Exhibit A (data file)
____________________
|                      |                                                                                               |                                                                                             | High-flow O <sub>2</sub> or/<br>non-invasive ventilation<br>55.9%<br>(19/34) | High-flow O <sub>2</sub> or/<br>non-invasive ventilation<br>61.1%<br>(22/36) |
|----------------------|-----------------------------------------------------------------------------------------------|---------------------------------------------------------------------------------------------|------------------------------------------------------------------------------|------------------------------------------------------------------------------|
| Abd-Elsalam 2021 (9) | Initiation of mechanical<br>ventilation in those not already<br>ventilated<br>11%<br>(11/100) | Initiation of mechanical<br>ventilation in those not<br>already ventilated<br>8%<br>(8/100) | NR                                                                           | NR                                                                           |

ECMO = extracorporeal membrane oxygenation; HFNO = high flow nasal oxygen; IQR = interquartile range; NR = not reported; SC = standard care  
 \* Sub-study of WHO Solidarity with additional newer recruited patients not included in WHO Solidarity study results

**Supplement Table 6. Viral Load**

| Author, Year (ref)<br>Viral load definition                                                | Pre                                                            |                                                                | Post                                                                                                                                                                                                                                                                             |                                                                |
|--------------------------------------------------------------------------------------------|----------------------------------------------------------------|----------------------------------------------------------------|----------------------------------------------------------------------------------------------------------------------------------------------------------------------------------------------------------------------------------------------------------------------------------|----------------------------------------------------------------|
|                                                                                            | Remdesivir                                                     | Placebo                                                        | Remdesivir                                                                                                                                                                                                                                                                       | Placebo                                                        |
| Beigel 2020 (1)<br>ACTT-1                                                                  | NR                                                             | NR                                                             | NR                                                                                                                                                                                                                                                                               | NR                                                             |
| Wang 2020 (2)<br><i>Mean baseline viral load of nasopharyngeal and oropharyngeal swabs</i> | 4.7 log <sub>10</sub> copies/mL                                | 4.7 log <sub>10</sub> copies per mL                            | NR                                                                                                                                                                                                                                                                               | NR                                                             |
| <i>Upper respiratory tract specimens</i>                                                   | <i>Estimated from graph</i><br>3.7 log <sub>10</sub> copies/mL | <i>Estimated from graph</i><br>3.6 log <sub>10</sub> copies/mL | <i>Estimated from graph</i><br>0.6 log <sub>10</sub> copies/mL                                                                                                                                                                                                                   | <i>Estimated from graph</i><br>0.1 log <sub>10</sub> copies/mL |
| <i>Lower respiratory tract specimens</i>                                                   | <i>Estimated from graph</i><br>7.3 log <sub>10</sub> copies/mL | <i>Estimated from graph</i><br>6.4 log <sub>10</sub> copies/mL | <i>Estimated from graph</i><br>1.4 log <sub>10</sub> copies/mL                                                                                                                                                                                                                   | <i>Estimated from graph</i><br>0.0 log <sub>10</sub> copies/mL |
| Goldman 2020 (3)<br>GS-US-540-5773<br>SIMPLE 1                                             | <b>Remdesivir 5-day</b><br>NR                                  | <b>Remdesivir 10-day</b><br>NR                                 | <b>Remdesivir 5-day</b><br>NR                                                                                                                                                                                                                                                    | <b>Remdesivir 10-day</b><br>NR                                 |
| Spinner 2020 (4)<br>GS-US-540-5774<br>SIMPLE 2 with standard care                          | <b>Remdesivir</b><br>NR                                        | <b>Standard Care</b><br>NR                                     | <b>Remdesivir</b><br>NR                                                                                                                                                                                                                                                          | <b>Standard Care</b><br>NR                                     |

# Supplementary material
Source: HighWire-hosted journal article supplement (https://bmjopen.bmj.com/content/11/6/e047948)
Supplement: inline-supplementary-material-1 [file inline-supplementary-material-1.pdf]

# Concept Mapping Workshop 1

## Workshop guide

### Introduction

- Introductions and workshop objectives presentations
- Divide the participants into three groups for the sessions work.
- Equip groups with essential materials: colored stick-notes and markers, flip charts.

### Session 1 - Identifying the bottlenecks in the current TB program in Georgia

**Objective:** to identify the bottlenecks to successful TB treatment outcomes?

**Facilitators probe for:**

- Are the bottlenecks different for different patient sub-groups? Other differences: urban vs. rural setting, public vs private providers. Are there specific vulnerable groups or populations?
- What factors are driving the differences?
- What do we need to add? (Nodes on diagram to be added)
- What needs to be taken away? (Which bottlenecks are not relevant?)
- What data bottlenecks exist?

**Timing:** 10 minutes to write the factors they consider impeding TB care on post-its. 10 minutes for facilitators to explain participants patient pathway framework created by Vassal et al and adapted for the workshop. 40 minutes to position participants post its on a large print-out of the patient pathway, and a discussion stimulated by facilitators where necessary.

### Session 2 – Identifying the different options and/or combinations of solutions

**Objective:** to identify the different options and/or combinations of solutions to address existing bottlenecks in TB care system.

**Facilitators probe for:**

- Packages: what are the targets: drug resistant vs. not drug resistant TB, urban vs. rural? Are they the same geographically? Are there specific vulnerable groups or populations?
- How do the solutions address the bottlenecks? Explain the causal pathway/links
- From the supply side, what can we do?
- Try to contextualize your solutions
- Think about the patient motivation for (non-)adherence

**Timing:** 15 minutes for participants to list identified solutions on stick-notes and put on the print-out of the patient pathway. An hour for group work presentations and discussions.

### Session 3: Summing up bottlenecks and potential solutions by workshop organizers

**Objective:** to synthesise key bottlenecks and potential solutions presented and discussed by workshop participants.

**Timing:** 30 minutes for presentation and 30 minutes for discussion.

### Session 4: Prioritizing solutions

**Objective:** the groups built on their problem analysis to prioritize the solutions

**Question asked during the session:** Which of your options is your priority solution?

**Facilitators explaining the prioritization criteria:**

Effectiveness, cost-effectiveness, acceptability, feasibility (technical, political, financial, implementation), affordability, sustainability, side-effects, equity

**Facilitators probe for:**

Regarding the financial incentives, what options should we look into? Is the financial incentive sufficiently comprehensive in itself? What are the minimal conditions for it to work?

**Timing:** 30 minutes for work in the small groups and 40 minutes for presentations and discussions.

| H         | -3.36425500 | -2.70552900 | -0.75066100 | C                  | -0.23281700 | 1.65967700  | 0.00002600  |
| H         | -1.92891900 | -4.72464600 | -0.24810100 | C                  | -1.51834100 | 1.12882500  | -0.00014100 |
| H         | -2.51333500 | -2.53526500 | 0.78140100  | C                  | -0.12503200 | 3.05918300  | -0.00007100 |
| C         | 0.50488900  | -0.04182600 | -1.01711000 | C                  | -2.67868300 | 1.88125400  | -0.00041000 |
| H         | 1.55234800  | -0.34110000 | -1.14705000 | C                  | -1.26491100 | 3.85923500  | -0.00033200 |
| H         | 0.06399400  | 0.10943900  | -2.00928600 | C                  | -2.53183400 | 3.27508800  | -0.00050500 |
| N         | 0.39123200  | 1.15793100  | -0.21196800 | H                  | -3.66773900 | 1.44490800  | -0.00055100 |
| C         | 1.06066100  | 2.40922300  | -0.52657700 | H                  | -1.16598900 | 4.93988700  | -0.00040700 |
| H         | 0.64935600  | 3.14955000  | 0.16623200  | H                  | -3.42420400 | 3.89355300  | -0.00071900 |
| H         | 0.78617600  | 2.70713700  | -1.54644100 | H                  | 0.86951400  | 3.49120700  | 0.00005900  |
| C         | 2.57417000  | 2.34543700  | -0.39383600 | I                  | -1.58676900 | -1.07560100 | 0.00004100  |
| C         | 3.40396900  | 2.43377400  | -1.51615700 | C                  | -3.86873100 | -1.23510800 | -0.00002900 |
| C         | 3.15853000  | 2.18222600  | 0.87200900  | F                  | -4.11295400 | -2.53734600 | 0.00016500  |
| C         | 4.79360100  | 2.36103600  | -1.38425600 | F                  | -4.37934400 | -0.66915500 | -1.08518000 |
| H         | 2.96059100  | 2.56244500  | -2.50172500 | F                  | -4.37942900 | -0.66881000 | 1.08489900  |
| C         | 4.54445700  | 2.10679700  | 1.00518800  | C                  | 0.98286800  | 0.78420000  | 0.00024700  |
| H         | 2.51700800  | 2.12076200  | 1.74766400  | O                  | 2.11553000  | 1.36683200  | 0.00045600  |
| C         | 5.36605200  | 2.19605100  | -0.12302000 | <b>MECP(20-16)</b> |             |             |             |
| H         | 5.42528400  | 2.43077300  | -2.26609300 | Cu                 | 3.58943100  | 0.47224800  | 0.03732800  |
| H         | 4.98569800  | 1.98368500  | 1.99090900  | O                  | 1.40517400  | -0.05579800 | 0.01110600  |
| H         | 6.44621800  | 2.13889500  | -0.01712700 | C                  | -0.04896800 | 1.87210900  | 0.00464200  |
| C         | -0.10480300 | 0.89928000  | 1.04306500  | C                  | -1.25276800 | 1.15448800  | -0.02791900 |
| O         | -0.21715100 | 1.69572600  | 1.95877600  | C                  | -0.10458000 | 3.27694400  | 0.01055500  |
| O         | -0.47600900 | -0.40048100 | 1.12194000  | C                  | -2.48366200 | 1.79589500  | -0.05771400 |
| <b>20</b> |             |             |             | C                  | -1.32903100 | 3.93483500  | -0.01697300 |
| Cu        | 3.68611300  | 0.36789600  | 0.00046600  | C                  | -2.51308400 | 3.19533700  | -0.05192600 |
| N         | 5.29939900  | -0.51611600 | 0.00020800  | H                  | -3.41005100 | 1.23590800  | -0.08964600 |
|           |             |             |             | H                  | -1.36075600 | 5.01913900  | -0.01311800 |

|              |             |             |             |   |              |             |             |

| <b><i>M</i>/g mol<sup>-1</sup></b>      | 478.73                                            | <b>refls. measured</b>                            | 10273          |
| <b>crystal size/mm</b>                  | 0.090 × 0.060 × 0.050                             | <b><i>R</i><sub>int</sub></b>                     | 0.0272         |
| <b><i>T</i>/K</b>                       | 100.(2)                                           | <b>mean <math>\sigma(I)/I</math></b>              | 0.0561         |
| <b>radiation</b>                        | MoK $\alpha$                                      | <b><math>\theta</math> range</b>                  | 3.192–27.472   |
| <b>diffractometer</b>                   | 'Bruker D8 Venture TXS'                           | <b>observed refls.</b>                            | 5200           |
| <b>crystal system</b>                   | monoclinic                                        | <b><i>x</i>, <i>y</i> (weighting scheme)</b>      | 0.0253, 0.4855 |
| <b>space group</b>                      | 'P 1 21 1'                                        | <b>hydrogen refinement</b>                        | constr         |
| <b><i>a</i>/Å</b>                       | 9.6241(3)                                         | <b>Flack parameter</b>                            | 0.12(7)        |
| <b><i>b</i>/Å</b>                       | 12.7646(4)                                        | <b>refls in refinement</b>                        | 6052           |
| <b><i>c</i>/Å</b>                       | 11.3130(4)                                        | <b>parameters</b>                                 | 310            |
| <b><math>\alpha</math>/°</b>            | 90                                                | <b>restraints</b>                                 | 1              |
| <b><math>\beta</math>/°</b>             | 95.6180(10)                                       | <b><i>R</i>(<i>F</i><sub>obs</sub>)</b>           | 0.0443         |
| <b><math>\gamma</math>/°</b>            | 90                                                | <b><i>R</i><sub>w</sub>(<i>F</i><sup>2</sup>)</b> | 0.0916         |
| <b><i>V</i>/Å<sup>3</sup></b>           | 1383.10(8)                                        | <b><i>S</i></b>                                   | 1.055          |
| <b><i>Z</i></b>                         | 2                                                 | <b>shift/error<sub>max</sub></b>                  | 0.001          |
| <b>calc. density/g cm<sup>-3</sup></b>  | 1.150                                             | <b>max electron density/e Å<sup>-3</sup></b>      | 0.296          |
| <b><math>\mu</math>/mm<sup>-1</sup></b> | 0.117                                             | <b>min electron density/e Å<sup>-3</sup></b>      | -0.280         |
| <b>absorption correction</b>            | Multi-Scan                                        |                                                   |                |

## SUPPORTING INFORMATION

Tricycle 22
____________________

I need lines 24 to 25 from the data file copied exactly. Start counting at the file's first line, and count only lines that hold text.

- Equip groups with essential materials: colored stick-notes and markers, flip charts.

### Session 1 - Identifying the bottlenecks in the current TB program in Georgia